Canada: Religions on freedom of expression at World Religions Conference


“Blasphemy is like spitting on the moon. You can do it as much as you want but it will not affect the moon, it will just come back at you.”

Over 120 people were at the Ranchehouse on Thursday to attend Cochrane’s seventh World Religions Conference, which looked at Freedom of Expression from the perspective of Native Spirituality, Christianity, Ahmadiyya Islam and Bahai, an offshoot of Islam founded in Iran before become a religion in its own right.

“The excess of liberty is a problem, said Joan Young, Bahai’s representative, who believes freedom of expression is not disciplined in today’s world, adding that free speech must but moderated with dignity and respect for the betterment of society.

Young referenced the protests that followed the murders of 10 Charilie Hebdo employees and two police officers by self-proclaimed jihadists, saying she was shocked to see people coming out in support of the freedom to insult, which takes freedom of expression to a point where it no longer serves to improve the community as it is malicious rather than creative.

“I find that troubling because they don’t equate at all,” said Young when comparing the freedom to express oneself to the willingness to insult another. “Is what we are saying contributing to spirit of unity and goodwill or insulting and belittling?”

Kevin Peacock, professor of the Old Testament, took a different approach and focused on freedom of expression as it pertains to what is believed to be the truth.

Nothing that America’s Bill of Rights and Canada’s Charter of Rights and Freedoms both protect the freedom of religion, thought, association and press, Peacock talked about the history of Christian persecution for expressing their beliefs, primarily in terms of his own Baptist faith and how King James would punish and oppress them for believing differently.

“No one can force someone into a choice,” said Peacock, adding that as we live in a pluralistic society it is necessary that we avoid imposition and laissez faire approaches to faith and instead focus of persuasion.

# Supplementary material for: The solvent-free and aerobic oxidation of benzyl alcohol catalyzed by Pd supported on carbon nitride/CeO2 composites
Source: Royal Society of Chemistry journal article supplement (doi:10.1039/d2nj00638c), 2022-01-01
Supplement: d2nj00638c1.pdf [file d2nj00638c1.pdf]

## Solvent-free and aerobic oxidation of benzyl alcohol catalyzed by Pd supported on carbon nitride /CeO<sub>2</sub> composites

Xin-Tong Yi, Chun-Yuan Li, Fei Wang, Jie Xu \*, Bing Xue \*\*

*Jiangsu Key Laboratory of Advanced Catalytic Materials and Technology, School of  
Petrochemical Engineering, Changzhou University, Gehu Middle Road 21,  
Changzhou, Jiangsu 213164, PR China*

“We believe we have the truth so we don’t fear the beliefs of others,” said Peacock, who finds that everyone has the right to share the truth, which was a distinction he made in reference to the harmful actions of anti-vaccers and some of the ill informed opinions regarding what genetically modified organisms are. “That’s how Christians live in a pluralistic society.”

Salman Khalid echoed Peacock sentiments in his own presentation as he looked at what freedom of expression means to Ahmadiyya Islam and the religion in general.

Being based on the teachings of Mirza Ghulam Ahmad, who Ahmadiyya Muslims view as the Messiah and preached the use of dialogue while condemning violence, Khalid talked about what it means when the political right to one’s own opinion is taken to the extreme.

“While we may have freedom, on the other side we have the opposite,” said Khalid, pointing out that while disagreement is accepted and encouraged when constructive, speech that denigrates to blasphemy, hate speech and bullying must be avoided.

Khalid argued that authentic Islamic teachings do not use compulsion in matters of religion and that when it comes to blasphemy the Quran states that one should simply walk away until the mocking party is willing to listen and have a dialogue.

“Blasphemy is like spitting on the moon. You can do it as much as you want but it will not affect the moon, it will just come back at you,” said Khalid, adding the messengers of God are always mocked but give people a chance to reconsider and change their beliefs and that blasphemy is a matter between an individual and God.

The problem, as Khalid sees it, is when blasphemy, or any kind of prejudice, turns to hate speech that encourages and violence and oppressive actions. These he said must be dealt with through legal means and while everyone must be vigilant in the matter of bullying only the authorities should deal with the matter. No one should ever take it upon themselves to use violence or attempt to subjugate another.

“Muslims need to be the guardians and protectors of other people’s rights,” said Khalid, maintaining that the perpetrators of the Charlie Hebdo attack were not true Muslims. “They had no right to even touch them.”

In the end, the speakers all agreed that abuse of one’s religion is no reason to respond with violence and it is up to the government to enforce laws that protect ideas while ensuring that actions that do harm are made illegal and punished accordingly.